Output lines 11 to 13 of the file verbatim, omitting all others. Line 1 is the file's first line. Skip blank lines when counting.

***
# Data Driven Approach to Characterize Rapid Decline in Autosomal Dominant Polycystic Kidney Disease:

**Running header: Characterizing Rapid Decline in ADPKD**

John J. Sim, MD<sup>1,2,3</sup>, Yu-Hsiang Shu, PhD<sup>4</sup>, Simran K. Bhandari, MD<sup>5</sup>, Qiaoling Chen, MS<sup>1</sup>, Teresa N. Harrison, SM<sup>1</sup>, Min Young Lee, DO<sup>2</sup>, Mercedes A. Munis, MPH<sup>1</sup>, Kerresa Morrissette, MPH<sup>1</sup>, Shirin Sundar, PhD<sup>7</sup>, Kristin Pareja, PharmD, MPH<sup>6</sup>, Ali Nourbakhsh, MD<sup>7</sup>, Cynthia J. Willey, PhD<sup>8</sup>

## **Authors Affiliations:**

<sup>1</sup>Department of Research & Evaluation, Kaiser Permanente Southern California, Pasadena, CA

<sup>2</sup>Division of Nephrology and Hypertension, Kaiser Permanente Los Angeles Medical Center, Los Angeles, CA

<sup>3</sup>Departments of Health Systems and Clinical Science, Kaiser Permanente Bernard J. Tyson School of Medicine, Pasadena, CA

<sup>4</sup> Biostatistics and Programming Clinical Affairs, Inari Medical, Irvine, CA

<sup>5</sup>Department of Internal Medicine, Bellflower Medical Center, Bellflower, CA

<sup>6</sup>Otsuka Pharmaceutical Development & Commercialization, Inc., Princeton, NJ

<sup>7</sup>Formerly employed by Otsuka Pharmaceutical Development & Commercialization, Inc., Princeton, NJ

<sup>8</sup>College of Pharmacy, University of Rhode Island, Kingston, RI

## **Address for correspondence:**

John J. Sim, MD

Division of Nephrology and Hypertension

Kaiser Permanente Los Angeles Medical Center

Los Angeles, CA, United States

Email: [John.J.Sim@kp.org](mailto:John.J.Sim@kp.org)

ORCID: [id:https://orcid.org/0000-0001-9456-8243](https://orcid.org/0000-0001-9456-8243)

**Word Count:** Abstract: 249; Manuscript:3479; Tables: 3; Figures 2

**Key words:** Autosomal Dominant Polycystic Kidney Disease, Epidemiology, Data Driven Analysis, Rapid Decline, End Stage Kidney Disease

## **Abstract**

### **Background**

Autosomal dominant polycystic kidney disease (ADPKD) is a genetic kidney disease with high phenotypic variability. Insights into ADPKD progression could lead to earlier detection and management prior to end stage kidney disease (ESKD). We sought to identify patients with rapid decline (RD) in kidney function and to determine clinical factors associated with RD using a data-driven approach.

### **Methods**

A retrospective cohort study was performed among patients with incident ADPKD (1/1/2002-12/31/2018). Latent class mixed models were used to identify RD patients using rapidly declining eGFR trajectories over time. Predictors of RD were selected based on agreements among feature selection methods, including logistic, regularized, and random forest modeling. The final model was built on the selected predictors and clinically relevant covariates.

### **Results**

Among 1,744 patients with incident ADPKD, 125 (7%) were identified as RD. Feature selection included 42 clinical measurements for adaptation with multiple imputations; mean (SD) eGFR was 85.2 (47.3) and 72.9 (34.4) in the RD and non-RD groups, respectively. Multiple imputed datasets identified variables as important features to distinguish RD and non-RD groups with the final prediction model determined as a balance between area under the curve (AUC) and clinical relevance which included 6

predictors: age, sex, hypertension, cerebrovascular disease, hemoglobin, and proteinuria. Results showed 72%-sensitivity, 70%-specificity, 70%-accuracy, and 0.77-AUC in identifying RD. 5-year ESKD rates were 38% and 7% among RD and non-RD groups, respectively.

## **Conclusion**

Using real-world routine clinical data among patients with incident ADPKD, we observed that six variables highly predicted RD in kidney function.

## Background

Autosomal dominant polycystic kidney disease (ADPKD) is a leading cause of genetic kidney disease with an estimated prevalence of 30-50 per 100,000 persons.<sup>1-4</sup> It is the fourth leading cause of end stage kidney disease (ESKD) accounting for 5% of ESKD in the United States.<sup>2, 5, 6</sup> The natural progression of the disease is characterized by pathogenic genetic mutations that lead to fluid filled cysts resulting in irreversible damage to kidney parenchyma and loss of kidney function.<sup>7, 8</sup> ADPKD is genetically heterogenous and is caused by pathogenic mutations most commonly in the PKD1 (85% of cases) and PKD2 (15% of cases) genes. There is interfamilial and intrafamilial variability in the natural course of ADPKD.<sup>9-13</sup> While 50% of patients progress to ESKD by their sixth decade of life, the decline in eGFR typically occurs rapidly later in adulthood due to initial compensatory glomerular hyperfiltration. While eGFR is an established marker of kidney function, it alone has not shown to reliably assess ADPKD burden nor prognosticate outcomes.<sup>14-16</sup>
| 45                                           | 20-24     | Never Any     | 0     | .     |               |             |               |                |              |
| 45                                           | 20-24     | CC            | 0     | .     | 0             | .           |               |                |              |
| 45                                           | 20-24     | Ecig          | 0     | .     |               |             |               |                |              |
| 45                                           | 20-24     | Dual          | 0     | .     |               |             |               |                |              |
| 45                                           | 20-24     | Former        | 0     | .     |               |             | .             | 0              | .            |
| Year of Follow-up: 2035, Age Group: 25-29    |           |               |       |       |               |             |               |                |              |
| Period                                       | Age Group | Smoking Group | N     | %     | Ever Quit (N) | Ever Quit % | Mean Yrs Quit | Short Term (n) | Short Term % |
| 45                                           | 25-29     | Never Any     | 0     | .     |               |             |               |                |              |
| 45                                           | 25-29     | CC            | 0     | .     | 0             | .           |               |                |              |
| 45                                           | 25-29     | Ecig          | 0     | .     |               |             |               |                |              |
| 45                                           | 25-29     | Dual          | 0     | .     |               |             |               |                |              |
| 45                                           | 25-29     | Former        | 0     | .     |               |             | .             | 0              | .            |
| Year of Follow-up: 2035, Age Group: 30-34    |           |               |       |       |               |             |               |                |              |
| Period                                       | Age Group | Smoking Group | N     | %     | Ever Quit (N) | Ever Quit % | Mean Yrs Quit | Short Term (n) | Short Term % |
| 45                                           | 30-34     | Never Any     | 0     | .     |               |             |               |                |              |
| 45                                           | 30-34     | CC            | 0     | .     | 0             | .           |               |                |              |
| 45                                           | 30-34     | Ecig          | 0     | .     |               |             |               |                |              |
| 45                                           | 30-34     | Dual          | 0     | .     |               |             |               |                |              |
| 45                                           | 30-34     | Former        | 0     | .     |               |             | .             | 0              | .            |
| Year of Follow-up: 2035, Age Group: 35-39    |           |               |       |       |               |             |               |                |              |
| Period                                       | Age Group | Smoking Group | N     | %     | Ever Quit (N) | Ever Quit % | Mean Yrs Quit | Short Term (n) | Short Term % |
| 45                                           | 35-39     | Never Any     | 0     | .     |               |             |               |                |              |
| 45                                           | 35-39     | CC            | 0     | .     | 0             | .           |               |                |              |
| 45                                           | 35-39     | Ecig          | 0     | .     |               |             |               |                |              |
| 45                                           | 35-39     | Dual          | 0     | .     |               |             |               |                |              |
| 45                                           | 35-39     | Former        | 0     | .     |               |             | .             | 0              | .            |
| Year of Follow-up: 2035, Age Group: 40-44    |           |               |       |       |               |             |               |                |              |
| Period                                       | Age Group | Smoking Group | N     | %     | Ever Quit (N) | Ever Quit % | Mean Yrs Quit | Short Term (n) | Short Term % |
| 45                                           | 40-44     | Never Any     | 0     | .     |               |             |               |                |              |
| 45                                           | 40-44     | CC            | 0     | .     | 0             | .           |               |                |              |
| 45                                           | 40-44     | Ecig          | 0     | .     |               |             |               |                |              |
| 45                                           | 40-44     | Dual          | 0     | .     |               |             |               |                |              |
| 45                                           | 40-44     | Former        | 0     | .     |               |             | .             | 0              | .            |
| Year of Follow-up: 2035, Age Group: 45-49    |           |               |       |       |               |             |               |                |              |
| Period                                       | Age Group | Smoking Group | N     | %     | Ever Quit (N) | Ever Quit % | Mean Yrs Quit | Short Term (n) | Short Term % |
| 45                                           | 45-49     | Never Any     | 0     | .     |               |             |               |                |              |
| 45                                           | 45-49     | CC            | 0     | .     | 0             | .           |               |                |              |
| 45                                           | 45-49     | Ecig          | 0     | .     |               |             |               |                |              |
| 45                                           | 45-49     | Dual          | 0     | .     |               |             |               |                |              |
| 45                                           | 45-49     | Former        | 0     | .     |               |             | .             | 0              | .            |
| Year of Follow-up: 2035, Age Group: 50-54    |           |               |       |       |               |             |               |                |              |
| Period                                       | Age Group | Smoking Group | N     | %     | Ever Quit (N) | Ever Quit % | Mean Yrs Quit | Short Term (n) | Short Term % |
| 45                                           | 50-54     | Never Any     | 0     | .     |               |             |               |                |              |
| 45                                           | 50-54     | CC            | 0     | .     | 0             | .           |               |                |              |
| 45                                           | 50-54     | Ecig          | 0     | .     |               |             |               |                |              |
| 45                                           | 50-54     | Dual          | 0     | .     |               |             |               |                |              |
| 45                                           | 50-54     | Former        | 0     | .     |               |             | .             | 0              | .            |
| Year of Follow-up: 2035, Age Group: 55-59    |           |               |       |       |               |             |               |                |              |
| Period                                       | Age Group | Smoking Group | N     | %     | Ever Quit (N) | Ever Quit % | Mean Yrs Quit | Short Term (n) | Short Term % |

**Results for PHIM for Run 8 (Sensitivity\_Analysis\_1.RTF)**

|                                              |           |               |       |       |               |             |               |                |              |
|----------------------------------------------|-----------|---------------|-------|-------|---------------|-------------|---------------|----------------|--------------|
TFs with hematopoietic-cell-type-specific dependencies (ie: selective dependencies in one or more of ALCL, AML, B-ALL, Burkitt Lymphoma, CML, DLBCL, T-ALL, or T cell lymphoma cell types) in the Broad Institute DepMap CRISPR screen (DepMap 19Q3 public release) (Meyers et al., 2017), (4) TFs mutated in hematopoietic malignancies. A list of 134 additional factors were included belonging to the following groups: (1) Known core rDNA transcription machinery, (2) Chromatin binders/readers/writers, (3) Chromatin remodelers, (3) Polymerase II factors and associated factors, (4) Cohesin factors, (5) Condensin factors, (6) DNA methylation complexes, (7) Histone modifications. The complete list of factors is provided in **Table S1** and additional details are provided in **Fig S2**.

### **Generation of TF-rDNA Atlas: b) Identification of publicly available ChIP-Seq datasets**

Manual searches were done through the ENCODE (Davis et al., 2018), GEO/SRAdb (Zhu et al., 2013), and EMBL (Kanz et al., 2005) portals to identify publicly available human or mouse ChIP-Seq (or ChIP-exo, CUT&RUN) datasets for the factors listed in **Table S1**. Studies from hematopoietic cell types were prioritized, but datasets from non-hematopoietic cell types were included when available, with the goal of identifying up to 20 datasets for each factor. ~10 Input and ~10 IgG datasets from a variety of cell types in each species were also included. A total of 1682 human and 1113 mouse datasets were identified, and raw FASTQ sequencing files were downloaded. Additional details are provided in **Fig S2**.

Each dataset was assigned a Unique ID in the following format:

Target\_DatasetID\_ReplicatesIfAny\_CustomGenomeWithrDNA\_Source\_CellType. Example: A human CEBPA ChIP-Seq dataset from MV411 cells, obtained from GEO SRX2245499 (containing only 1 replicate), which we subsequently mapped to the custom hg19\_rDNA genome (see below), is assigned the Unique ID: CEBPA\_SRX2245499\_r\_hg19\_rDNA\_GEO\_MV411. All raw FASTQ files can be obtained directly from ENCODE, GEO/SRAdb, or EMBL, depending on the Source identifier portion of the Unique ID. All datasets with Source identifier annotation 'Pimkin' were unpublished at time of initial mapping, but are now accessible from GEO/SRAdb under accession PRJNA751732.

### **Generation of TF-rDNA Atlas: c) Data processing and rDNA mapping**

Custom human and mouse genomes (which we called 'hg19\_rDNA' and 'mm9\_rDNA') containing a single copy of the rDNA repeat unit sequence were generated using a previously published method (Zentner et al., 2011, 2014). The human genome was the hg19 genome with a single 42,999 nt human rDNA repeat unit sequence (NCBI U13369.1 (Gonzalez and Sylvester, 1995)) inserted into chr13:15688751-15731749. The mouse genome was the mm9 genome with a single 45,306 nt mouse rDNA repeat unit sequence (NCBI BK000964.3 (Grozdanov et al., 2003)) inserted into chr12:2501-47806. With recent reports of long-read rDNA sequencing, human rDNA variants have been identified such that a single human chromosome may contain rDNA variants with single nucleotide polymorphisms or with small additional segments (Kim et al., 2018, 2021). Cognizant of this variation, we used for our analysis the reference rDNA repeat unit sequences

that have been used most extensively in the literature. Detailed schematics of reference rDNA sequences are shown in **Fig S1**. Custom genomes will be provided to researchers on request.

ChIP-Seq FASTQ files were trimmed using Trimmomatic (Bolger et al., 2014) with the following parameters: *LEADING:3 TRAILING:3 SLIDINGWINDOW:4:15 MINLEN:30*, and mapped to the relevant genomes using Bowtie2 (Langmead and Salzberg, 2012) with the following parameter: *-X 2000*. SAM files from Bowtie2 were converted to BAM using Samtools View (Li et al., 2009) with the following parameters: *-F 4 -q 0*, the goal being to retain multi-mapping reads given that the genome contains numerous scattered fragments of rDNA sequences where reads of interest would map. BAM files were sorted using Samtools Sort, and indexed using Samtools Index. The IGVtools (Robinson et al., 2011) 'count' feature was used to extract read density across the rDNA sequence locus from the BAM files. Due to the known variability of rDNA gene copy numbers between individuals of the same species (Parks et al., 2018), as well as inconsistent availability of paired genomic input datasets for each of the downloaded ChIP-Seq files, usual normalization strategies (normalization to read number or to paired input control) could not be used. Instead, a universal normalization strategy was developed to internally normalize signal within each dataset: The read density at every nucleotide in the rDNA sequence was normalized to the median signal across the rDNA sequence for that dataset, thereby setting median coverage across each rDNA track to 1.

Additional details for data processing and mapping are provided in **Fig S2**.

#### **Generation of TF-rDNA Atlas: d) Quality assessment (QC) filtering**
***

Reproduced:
<sup>7</sup>Formerly employed by Otsuka Pharmaceutical Development & Commercialization, Inc., Princeton, NJ

<sup>8</sup>College of Pharmacy, University of Rhode Island, Kingston, RI

## **Address for correspondence:**